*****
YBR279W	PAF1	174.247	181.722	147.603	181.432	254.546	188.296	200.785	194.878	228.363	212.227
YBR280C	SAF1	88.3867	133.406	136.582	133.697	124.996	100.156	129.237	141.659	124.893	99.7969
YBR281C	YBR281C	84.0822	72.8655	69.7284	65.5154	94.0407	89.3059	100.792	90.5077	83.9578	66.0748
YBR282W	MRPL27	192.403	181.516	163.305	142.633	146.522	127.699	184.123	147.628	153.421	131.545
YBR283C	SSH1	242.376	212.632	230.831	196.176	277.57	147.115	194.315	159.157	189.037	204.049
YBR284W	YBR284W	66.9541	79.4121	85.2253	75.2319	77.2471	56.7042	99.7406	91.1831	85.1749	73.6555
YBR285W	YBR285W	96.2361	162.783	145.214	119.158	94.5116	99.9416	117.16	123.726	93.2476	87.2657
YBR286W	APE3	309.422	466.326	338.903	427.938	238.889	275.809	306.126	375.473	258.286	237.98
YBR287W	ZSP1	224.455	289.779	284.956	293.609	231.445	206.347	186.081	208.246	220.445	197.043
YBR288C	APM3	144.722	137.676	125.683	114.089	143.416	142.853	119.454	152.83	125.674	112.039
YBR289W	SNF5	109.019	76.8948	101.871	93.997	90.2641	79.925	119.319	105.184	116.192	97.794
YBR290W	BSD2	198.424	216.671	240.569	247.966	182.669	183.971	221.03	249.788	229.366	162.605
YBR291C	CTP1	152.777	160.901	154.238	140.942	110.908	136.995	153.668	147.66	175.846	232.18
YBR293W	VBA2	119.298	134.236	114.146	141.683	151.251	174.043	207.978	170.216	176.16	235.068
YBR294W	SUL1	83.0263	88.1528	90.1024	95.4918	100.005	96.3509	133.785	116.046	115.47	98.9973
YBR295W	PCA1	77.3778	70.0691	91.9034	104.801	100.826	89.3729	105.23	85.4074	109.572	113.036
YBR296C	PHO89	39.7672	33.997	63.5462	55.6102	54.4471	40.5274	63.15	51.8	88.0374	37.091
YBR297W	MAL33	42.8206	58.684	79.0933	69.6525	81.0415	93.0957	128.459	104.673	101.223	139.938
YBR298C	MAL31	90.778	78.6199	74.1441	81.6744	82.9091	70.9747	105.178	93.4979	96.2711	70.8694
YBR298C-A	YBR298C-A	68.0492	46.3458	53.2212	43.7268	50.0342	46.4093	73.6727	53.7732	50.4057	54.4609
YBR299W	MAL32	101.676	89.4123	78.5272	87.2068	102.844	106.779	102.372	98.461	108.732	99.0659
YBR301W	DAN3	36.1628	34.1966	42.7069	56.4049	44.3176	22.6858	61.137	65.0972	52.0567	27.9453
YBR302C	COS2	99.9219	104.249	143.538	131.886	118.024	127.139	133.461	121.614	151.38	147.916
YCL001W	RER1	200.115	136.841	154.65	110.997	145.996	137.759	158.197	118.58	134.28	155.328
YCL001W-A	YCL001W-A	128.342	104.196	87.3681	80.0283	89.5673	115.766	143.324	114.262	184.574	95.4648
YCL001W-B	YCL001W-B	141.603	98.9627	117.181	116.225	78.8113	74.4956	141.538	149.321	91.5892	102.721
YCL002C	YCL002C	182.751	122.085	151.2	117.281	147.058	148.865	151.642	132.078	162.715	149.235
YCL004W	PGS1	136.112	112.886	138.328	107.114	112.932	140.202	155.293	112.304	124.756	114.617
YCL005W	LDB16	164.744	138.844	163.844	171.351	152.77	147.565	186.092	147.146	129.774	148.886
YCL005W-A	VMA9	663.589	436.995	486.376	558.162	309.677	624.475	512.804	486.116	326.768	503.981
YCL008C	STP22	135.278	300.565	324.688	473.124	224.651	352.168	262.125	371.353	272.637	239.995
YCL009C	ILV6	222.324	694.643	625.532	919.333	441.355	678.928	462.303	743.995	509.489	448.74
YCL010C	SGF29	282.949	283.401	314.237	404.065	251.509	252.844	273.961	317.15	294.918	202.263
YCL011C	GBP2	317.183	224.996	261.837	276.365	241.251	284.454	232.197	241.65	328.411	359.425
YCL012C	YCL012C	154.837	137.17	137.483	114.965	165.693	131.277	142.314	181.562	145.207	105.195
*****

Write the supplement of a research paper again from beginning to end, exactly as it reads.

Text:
YBR279W	PAF1	174.247	181.722	147.603	181.432	254.546	188.296	200.785	194.878	228.363	212.227
YBR280C	SAF1	88.3867	133.406	136.582	133.697	124.996	100.156	129.237	141.659	124.893	99.7969
YBR281C	YBR281C	84.0822	72.8655	69.7284	65.5154	94.0407	89.3059	100.792	90.5077	83.9578	66.0748
YBR282W	MRPL27	192.403	181.516	163.305	142.633	146.522	127.699	184.123	147.628	153.421	131.545
YBR283C	SSH1	242.376	212.632	230.831	196.176	277.57	147.115	194.315	159.157	189.037	204.049
YBR284W	YBR284W	66.9541	79.4121	85.2253	75.2319	77.2471	56.7042	99.7406	91.1831	85.1749	73.6555
YBR285W	YBR285W	96.2361	162.783	145.214	119.158	94.5116	99.9416	117.16	123.726	93.2476	87.2657
YBR286W	APE3	309.422	466.326	338.903	427.938	238.889	275.809	306.126	375.473	258.286	237.98
YBR287W	ZSP1	224.455	289.779	284.956	293.609	231.445	206.347	186.081	208.246	220.445	197.043
YBR288C	APM3	144.722	137.676	125.683	114.089	143.416	142.853	119.454	152.83	125.674	112.039
YBR289W	SNF5	109.019	76.8948	101.871	93.997	90.2641	79.925	119.319	105.184	116.192	97.794
YBR290W	BSD2	198.424	216.671	240.569	247.966	182.669	183.971	221.03	249.788	229.366	162.605
YBR291C	CTP1	152.777	160.901	154.238	140.942	110.908	136.995	153.668	147.66	175.846	232.18
YBR293W	VBA2	119.298	134.236	114.146	141.683	151.251	174.043	207.978	170.216	176.16	235.068
YBR294W	SUL1	83.0263	88.1528	90.1024	95.4918	100.005	96.3509	133.785	116.046	115.47	98.9973
YBR295W	PCA1	77.3778	70.0691	91.9034	104.801	100.826	89.3729	105.23	85.4074	109.572	113.036
YBR296C	PHO89	39.7672	33.997	63.5462	55.6102	54.4471	40.5274	63.15	51.8	88.0374	37.091
YBR297W	MAL33	42.8206	58.684	79.0933	69.6525	81.0415	93.0957	128.459	104.673	101.223	139.938
YBR298C	MAL31	90.778	78.6199	74.1441	81.6744	82.9091	70.9747	105.178	93.4979	96.2711	70.8694
YBR298C-A	YBR298C-A	68.0492	46.3458	53.2212	43.7268	50.0342	46.4093	73.6727	53.7732	50.4057	54.4609
YBR299W	MAL32	101.676	89.4123	78.5272	87.2068	102.844	106.779	102.372	98.461	108.732	99.0659
YBR301W	DAN3	36.1628	34.1966	42.7069	56.4049	44.3176	22.6858	61.137	65.0972	52.0567	27.9453
YBR302C	COS2	99.9219	104.249	143.538	131.886	118.024	127.139	133.461	121.614	151.38	147.916
YCL001W	RER1	200.115	136.841	154.65	110.997	145.996	137.759	158.197	118.58	134.28	155.328
YCL001W-A	YCL001W-A	128.342	104.196	87.3681	80.0283	89.5673	115.766	143.324	114.262	184.574	95.4648
YCL001W-B	YCL001W-B	141.603	98.9627	117.181	116.225	78.8113	74.4956	141.538	149.321	91.5892	102.721
YCL002C	YCL002C	182.751	122.085	151.2	117.281	147.058	148.865	151.642	132.078	162.715	149.235
YCL004W	PGS1	136.112	112.886	138.328	107.114	112.932	140.202	155.293	112.304	124.756	114.617
YCL005W	LDB16	164.744	138.844	163.844	171.351	152.77	147.565	186.092	147.146	129.774	148.886
YCL005W-A	VMA9	663.589	436.995	486.376	558.162	309.677	624.475	512.804	486.116	326.768	503.981
YCL008C	STP22	135.278	300.565	324.688	473.124	224.651	352.168	262.125	371.353	272.637	239.995
YCL009C	ILV6	222.324	694.643	625.532	919.333	441.355	678.928	462.303	743.995	509.489	448.74
YCL010C	SGF29	282.949	283.401	314.237	404.065	251.509	252.844	273.961	317.15	294.918	202.263
YCL011C	GBP2	317.183	224.996	261.837	276.365	241.251	284.454	232.197	241.65	328.411	359.425
YCL012C	YCL012C	154.837	137.17	137.483	114.965	165.693	131.277	142.314	181.562	145.207	105.195